Firms may also use green marketing in an attempt to address cost or profit related issues. Disposing of environmentally harmful by-products, such as polychlorinated biphenyl (PCB) contaminated oil are becoming increasingly costly and in some cases difficult. Therefore firms that can reduce harmful wastes may incur substantial cost savings. When attempting to minimize waste, firms are often forced to re-examine their production processes. In these cases they often develop more effective production processes that not only reduce waste, but reduce the need for some raw materials. This serves as a double cost savings, since both waste and raw material are reduced.

In other cases firms attempt to find end-of-pipe solutions, instead of minimizing waste. In these situations firms try to find markets or uses for their waste materials, where one firm's waste becomes another firm's input of production. One Australian example of this is a firm who produces acidic waste water as a by-product of production and sells it to a firm involved in neutralizing base materials.

GREEN MARKETING DOES LEAD TO SUCCESS ……

Green marketing is not a theoretical concept only. A lot of firms are using this concept to consolidate their market positions. A few examples are-

  • Tesco is pumping $200mn  into environmental  technologies to reduce the amount of energy they use by 50% compared with 2000 levels ,by 2010.In addition to building 80 new eco stores across Britain over the next year –the greenest of  which will be constructed of recycled materials and will burn food waste for electricity-they are also making small changes that could have big results. They are paying customers not to use plastic bags which they expect would cut consumption by 25% in two years.
  • Renewable Energy Corp., a Norwegian Solar energy company, had the world's largest ever renewable energy IPO in May.
  • $30 mn is what Goldman Sachs invested in Canadian alternative-fuels Company Logen.It was one of the several green ventures for ex-Goldman and Nature Conservancy head Henry Paulson, US Treasury secy.
  • According to a  recent report from the climate group, an international environmental charity ,43 multinationals –including Bayer, DuPont  –saved a combined $11.6 bn last year by improving energy efficiency ,reducing waste output and harnessing solar power.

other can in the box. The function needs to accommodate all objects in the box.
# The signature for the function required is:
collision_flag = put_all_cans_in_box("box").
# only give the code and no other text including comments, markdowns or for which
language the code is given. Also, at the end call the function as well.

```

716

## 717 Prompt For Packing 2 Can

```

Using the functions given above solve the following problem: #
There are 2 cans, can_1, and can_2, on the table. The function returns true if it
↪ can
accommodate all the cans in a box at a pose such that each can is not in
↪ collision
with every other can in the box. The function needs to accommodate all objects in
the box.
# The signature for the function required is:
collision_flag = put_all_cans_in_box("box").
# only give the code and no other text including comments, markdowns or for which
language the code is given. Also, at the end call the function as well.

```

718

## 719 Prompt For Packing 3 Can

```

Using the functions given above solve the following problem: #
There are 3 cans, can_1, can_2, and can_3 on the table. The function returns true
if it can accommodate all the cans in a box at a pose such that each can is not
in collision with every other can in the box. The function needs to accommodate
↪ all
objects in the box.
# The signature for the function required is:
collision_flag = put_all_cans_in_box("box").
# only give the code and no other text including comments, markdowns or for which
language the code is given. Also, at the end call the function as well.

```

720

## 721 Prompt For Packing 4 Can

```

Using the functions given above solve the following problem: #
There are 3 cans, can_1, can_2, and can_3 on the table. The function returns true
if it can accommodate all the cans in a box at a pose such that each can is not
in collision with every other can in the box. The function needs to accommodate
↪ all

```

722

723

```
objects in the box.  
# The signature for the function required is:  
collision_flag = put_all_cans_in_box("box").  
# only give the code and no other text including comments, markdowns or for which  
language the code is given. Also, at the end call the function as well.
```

• GE's ECOIMAGINATION campaign to cut carbon emissions ,partly by selling low emissions products ranging from power plants to fluorescent  light bulbs have raked in $10.1 bn last year up from $6.2 bn in 2004
  • The World's two largest insurance cos. Swiss  Re and Munich Re are now taking cos. policies on climate change into consideration when determining risks. Similarly In Japan about 800 cos. annually publish reports explaining how they  plan  to cut carbon emissions and make their products and factories greener.
  • GE last month signed a deal of $10 bn with British Petroleum to develop hydrogen power plants that will capture carbon and bury it underground so it doesn't lead to global warming.
  • Goldman Sachs has invested more than $ 1bn in renewable energy sources, including biofuels
  • Markets are also beginning to recognize that cos. that do not do right by Mother Nature may have more volatile stock prices. Goldman sachs' ESG( Environmental, Social and Governance)Index now ranks the world's largest cos. based on how environmentally friendly their operations are.
  • Some of the Venture Capitalists who bankrolled the dot com boom of 1990s now see alternative forms of energy as next big thing.Vinod khosla,the silicon valley venture capitalist who got big and early with Google and Amazon, is now betting $50mn of his dot com cash on next generation ethanol.
  • Venture capital investment in renewable energy cos. was up 36 % last year to a record $739mn.
  • The wilder Hill Clean Energy Index which charts 40 alternative energy firms has risen 485 since its 2004 debut.
  • World's largest wind turbine energy firm, India's  Suzlon Energy was 28 times oversubscribed when it launched for $340 mn at the end of last year.
  • Chinese Solar company Suntech power raised $ 400mn in December.
  • Largest venture capital backed IPO in Europe last year was of German renewable energy company
    Q-cells,which raised $ 400 mn in October.

SOME PROBLEMS WITH GOING GREEN

No matter why a firm uses green marketing there are a number of potential problems that they must overcome. One of the main problems is that firms using green marketing must ensure that their activities are not misleading to consumers or industry, and do not breach any of the regulations or laws dealing with environmental marketing. For example marketers in the US must ensure their green marketing claims can meet the following set of criteria, in order to comply with the FTC's guidelines. Green marketing claims must;